And as the archbishop resorted again unto him for an answere, hee gave him his full authority to cite him, examine him, and punish him according to their divellish decrees, which they called the lawes of holy church.
Then the said archbishop by the counsell of his other bishoppes and clergy, appointed to call before him sir John Oldcastle the lord Cobham, and to cause him personally to appeare, to answere to such suspect articles as they should lay against him. So he sent forth his chiefe summoner, with a very sharpe citation unto the castell of Cowling', where he at that time dwelt for his solace.
9 His self.] This request of the king, the Register tells us, was acquiesced in by the archbishop and bishops, but not without murmuring on the part of the inferior clergy. See Wilkins, vol. iii. p. 352.
1 Castell of Cowling.] In the fourth year of Richard II. John de Cobham, Lord Cobham, obtained a license to make a castle of his house at Cowling, near Rochester.
And as the said summoner was come thither, he durst in no case enter the gates of so noble a man without his licence; and therefore hee returned home againe, his message not done.
Then called the archbishop one John Butler unto him, which was then the doore keeper of the king's privy chamber ; and with him he covenanted through promises and rewards, to have this matter craftily brought to passe under the kings name. Where. upon, the said John Butler took the archbishops sumner with him, and went unto the said lord Cobham, shewing him that it was the kings pleasure that he should obey that citation, and so cited him fraudulently.—Then said hee to them in few words, that hee in no case would consent to those most divellish practises of the priests.
As they had informed the archbishop of that answer, and that it was for no man privatly to cite him after that, without perill of life, he decreed by and by to have him cited by publike processe or open commandement. And in all the haste possible, upon the Wednesday before the nativity of our Lady, in September, he commanded letters citatory, to be set upon the great gates of the cathedrall church of Rochester (which was but three English miles from thence®), charging him to appeare personally before him at Ledis', the eleventh day of the same month and yeere, all excuses to the contrary set apart. Those letters were taken downe anon after, by such as bare favor unto the lord Cobham, and so conveied aside.- After that caused the archbishop new letters to be set up on the nativity day of our Lady, which also were rent downe and utterly consumed.
Then forsomuch as he did not appeare at the day appointed at Ledis (where the archbishop sat in consistory, as cruell as ever was Caiaphas with his court of hypocrits about him) he judged him, denounced him, and condemned him of most deepe contumacie.—After that, when he had been falsely informed by his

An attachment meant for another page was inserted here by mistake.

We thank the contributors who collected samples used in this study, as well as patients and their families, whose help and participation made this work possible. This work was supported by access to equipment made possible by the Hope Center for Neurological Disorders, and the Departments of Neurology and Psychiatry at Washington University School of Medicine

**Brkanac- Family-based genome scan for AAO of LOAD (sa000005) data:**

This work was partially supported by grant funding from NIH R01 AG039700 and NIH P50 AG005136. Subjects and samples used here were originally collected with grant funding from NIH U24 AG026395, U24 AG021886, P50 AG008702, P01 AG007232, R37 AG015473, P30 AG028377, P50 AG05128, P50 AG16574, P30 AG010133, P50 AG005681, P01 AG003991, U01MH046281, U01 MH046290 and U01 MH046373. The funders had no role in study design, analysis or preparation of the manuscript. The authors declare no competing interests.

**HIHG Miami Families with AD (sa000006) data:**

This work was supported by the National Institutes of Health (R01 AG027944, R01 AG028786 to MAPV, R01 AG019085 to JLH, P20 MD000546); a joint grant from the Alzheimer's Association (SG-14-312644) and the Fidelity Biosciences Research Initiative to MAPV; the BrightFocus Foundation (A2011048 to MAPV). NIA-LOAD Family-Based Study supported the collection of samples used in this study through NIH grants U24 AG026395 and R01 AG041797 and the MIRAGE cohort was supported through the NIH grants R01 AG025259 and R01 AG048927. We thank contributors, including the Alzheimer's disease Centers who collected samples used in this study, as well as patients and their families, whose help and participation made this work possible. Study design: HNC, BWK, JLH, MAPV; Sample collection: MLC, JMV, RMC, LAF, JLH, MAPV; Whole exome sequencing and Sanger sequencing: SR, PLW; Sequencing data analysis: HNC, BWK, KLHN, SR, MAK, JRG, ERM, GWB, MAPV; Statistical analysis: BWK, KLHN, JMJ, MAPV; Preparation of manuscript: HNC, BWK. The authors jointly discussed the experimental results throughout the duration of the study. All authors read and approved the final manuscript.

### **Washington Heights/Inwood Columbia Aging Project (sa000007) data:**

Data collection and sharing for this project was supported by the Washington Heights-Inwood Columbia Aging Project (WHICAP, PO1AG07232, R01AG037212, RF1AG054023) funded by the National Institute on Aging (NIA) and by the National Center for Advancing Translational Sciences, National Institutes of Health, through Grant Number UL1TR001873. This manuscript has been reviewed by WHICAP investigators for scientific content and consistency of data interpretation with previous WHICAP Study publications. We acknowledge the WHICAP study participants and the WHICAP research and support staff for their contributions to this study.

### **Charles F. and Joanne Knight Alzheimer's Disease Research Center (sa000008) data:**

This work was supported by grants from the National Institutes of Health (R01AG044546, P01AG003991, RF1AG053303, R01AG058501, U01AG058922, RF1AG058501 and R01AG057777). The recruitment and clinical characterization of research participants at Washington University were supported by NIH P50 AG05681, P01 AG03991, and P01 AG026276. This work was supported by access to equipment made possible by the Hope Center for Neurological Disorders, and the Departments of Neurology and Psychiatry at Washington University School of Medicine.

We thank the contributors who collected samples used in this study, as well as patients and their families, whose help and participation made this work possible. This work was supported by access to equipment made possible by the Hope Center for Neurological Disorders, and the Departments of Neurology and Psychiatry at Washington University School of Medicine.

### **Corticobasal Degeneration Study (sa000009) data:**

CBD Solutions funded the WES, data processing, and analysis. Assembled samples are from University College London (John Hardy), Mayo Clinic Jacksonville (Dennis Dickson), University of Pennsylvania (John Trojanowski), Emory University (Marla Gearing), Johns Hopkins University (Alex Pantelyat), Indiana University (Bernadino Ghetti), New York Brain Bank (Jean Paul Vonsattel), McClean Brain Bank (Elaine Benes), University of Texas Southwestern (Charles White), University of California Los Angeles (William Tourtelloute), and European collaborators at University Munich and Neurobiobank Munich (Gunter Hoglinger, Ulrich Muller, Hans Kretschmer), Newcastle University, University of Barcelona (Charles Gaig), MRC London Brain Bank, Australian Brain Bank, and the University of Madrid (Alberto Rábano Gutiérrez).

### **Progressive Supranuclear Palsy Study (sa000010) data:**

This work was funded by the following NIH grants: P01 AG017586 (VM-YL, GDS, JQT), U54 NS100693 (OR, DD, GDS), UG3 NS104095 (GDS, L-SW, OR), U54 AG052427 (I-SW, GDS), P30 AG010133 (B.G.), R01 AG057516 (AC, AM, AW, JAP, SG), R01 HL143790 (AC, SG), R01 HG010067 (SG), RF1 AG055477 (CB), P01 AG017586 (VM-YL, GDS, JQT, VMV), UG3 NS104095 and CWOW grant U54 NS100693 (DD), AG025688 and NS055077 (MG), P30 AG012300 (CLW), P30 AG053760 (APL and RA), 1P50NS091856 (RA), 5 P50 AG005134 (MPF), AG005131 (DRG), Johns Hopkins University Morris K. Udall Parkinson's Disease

? From thence.] i. e. from Cowling.
3 Before him at Ledis.] Leeds castle in Kent, about five miles from Maidstone. It had been the property of the Lords Badlesmere, but reverted to or was seized by the crown, 2 Edward III. It was afterwards inhabited by William of Wickham, who greatly enlarged it; by Richard II., and for a very short time by Henry IV. Archbishop Arundel procured a grant of this castle, where he frequently resided and kept his court, whilst the process against the Lord Cobham was carrying forward. Of late years the castle has been the property of the Lords Fairfax, and it is now, through the Colepeppers, the property of Fiennes Wykeham Martin, Esq., M.P.
hired spies, and other glosing glaverers, that the said lord Cobham had laughed him to scorne, disdained all his doings, maintained his old opinions, contemned the churches power, the dignity of a bishop, and the order of priesthood (for all these was he then accused of), in his moody madnes without just proofe, did he openly excommunicat him.. Yet was he not with all this his fierce tyranny satisfied, but commanded him to be cited afresh, to appeare before him the Saturday before the feast of S. Matthew the apostle: with these cruell threatnings added thereunto, that if he did not obey at the day, he would more extremely handle him. And to make himselfe more strong towards the performance thereof, he compelled the lay power by most terrible menacings of curses and interdictions, to assist him against that seditious apostata, schismatike, and heretike, the troubler of the publike peace, that enemy of the realme, and great adversary of all holy church ;--for all these hatefull names did he give him.
This most constant servant of the Lord, and worthy knight sir John Oldcastle, the lord Cobham, beholding the unpeaceable fury of antichrist thus kindled against him, perceiving himselfe also compassed on every side with deadly dangers; he tooke paper
in hand, and so wrote a Christian confession or reckoning of his faith (which followeth hereafter) both signing and sealing it with his owne hand. Wherein he also answered to the foure chiefest articles that the archbishop laid against him. That done, he tooke the copie with him, and went therewith to the king, trusting to finde mercy and favor at his hand. None other was that confession of his, then the common beleefe or sum of the churches faith, called the Apostles Creed, of all Christian men then used, with a briefe declaration upon the same; as here under ensueth.
The Christian beliefe of the Lord Cobham.
“ I Beleeve in God the father almighty, maker of heaven and earth. And in Jesus Christ his only Son our Lord, which was
4 Excommunicat him.] See Wilkins, vol. iii. p. 354.
6 Saturday before.] This is according to Bale; but it ought, both in this place, and where it occurs again below, to be Saturday after ; as it is in the original Register. Wilkins, vol. iii. p. 354. Fox, p. 521. St. Matthew's Day is Sept. 21.